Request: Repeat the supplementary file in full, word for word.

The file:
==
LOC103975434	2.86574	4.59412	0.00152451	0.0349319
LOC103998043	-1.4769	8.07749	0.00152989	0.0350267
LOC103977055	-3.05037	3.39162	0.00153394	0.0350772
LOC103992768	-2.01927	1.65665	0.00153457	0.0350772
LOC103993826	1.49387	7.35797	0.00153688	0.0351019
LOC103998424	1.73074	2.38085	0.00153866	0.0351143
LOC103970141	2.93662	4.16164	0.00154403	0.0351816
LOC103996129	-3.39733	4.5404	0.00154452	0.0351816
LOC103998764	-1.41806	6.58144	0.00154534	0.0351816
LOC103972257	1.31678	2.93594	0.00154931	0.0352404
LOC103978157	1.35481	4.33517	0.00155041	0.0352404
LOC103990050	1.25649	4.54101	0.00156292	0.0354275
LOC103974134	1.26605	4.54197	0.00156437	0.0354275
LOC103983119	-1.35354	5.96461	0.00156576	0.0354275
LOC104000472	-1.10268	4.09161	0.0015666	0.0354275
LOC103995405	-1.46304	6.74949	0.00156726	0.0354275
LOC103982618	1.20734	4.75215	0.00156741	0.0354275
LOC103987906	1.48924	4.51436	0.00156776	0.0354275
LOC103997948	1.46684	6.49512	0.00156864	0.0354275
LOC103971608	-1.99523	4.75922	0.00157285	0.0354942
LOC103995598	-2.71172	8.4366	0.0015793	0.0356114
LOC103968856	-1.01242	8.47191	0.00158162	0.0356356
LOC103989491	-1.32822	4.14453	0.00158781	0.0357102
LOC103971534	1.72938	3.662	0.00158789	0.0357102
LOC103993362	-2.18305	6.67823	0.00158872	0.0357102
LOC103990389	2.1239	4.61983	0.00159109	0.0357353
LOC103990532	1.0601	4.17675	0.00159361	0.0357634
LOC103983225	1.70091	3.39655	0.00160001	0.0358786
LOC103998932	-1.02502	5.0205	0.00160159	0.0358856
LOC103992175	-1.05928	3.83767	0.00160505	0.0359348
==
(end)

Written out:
LOC103975434	2.86574	4.59412	0.00152451	0.0349319
LOC103998043	-1.4769	8.07749	0.00152989	0.0350267
LOC103977055	-3.05037	3.39162	0.00153394	0.0350772
LOC103992768	-2.01927	1.65665	0.00153457	0.0350772
LOC103993826	1.49387	7.35797	0.00153688	0.0351019
LOC103998424	1.73074	2.38085	0.00153866	0.0351143
LOC103970141	2.93662	4.16164	0.00154403	0.0351816
LOC103996129	-3.39733	4.5404	0.00154452	0.0351816
LOC103998764	-1.41806	6.58144	0.00154534	0.0351816
LOC103972257	1.31678	2.93594	0.00154931	0.0352404
LOC103978157	1.35481	4.33517	0.00155041	0.0352404
LOC103990050	1.25649	4.54101	0.00156292	0.0354275
LOC103974134	1.26605	4.54197	0.00156437	0.0354275
LOC103983119	-1.35354	5.96461	0.00156576	0.0354275
LOC104000472	-1.10268	4.09161	0.0015666	0.0354275
LOC103995405	-1.46304	6.74949	0.00156726	0.0354275
LOC103982618	1.20734	4.75215	0.00156741	0.0354275
LOC103987906	1.48924	4.51436	0.00156776	0.0354275
LOC103997948	1.46684	6.49512	0.00156864	0.0354275
LOC103971608	-1.99523	4.75922	0.00157285	0.0354942
LOC103995598	-2.71172	8.4366	0.0015793	0.0356114
LOC103968856	-1.01242	8.47191	0.00158162	0.0356356
LOC103989491	-1.32822	4.14453	0.00158781	0.0357102
LOC103971534	1.72938	3.662	0.00158789	0.0357102
LOC103993362	-2.18305	6.67823	0.00158872	0.0357102
LOC103990389	2.1239	4.61983	0.00159109	0.0357353
LOC103990532	1.0601	4.17675	0.00159361	0.0357634
LOC103983225	1.70091	3.39655	0.00160001	0.0358786
LOC103998932	-1.02502	5.0205	0.00160159	0.0358856
LOC103992175	-1.05928	3.83767	0.00160505	0.0359348